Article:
Revolutionary Governorship: the evolution of executive power in Virginia, 1758-1781
Maciver, Iain Gordon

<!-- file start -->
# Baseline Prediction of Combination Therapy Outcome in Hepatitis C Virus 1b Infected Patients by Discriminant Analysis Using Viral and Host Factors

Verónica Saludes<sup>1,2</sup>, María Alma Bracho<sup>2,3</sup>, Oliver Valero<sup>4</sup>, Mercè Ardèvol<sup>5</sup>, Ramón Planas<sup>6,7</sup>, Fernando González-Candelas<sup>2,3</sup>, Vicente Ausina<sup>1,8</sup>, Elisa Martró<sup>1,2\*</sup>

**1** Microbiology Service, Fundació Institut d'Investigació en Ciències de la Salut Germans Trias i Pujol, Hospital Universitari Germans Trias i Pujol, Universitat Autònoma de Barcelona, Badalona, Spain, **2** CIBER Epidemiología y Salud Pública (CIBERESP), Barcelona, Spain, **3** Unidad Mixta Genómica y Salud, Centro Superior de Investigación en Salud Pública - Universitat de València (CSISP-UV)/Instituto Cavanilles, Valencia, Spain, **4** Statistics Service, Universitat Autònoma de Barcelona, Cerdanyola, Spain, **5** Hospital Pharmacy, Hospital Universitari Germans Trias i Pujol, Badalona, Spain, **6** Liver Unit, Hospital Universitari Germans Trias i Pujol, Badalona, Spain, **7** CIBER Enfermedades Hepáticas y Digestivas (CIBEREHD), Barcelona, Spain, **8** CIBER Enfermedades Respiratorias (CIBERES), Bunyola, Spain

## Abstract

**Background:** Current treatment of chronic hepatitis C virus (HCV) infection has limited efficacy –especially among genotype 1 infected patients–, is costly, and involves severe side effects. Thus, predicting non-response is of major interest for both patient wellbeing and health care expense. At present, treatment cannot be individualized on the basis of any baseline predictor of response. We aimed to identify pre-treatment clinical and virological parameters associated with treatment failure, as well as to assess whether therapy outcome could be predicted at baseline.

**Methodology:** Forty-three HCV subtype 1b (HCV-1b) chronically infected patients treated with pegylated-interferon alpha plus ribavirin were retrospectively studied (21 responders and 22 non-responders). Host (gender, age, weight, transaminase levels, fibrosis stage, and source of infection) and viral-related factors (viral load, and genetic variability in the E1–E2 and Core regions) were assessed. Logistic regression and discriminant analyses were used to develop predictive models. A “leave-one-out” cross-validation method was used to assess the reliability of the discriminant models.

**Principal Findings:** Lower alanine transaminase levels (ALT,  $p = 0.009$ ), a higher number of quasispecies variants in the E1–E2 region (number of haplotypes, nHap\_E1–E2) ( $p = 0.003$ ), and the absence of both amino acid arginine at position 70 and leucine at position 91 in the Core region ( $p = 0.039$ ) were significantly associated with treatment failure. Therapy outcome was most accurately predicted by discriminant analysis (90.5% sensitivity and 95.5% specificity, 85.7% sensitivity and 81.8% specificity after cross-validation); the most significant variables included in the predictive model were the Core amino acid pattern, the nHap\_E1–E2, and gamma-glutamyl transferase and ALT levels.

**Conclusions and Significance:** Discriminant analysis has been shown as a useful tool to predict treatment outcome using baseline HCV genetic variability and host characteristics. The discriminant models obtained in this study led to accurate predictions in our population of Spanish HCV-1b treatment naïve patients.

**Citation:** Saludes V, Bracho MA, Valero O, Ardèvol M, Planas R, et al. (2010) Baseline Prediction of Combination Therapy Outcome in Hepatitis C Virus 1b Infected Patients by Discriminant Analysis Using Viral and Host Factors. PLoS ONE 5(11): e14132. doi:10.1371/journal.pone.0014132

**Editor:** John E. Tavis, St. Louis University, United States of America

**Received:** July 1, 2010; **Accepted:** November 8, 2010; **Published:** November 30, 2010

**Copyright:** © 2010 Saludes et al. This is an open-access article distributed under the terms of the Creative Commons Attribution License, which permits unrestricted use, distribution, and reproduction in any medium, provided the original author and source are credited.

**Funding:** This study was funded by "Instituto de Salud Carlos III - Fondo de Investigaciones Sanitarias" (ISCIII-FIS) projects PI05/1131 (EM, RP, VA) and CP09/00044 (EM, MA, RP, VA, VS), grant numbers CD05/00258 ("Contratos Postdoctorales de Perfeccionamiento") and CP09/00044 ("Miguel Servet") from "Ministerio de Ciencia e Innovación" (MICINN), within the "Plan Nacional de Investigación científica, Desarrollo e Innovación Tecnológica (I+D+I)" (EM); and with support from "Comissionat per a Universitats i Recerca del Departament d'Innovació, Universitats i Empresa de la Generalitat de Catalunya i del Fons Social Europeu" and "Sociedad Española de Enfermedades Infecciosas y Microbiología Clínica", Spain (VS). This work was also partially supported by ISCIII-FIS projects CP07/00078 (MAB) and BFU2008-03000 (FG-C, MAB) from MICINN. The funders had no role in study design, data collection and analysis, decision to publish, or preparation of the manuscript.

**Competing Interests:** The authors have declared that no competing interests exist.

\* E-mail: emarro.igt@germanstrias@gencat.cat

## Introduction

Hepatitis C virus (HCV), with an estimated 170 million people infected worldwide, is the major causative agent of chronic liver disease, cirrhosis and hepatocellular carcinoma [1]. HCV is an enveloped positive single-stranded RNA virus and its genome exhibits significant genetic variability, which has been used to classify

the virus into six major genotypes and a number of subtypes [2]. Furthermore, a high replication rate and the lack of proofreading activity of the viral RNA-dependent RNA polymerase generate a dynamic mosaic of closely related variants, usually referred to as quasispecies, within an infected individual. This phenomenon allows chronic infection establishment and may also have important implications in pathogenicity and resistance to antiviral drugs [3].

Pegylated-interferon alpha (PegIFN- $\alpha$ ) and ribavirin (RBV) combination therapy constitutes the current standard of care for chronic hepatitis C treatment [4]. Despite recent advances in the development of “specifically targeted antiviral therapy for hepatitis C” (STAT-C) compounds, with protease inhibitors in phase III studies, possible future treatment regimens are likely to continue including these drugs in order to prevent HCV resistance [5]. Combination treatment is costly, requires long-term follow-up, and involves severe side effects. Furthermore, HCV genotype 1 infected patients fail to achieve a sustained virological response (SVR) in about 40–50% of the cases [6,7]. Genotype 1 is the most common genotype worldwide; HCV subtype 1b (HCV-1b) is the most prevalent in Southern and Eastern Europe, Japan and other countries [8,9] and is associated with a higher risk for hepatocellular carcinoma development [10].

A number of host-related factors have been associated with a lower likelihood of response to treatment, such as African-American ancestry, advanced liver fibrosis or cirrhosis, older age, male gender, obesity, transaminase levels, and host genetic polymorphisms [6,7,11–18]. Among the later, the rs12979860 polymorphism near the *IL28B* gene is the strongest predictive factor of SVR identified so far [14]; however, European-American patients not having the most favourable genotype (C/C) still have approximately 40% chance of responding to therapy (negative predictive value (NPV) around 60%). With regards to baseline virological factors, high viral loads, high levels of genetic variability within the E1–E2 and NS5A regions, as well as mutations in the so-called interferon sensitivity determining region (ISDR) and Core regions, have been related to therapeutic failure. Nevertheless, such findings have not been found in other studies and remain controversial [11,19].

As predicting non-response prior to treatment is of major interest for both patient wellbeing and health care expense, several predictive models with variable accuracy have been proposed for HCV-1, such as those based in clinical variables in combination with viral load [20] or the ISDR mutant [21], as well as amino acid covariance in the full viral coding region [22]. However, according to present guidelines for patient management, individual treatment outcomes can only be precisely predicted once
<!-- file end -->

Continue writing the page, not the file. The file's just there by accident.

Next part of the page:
The nature of governorship just before, during, and just after the American Revolution is a subject that has been noticeably neglected in the historiography of the Revolution. While biographies of individual governors have been written, there remains a need for a clear ideological and constitutional debate about the actual executive functions, the nature of the appointment system in place, and the constitutional role of governors across the colonial and state periods. This dissertation examines the evolution of governorship in Virginia from 1758 to 1781. It attempts to identify, define and compare two different systems of governorship in Virginia. It examines the nature of executive authority and constitutional role of the different governors in this period. It seeks, first, to identify and define a gubernatorial system in colonial Virginia. By analysing a governor’s methods of appointment, the governor’s constitutional status, his relationship with the legislature and the people at large, this dissertation will identify a ‘British’ system of governorship. Second, the dissertation will attempt to identify a separate republican system of governorship in Virginia that was established in 1776. It will analyse the Virginia Constitution and explain the gubernatorial position in this political framework. It will also examine the first five years of Virginia’s independence from Britain and focus on the nature of gubernatorial authority in practice. By identifying two distinct models of governorship, this dissertation will be able to compare them in order to ascertain to what extent Virginians relied upon or abandoned British constitutional thinking and practice. The dissertation maintains that Virginians relied heavily upon British constitutional thinking when establishing their system of governorship in 1776. While Virginians rejected wholeheartedly a system based on monarchical influence and patronage, they were inspired by radical Country Whig thinkers who had dictated that an uncontrolled executive branch posed the greatest threat to the political system. Virginians in 1776 established a system of governorship that was inherently weak and that was controlled and dominated by the legislative branch. This dissertation, however, maintains that the system of state governorship established by the Virginian Convention in 1776 was not wholly dissimilar to the practical powers and influence at the disposal of royal governors. Both systems were inherently weak: the royal and state governors could not exert any meaningful control over the legislative branch, were not able to exert much influence over the people at large and were not granted many significant practical powers. This dissertation will also demonstrate that executive power, and the perceptions of the dangers that executive power posed, had developed markedly from 1776 to 1781. Not only will it prove that Thomas Jefferson and Patrick Henry enjoyed more powers than was prescribed to the governorship in 1776, but it will also show that, by 1781, a strong executive branch was required to save the state of Virginia from potential collapse.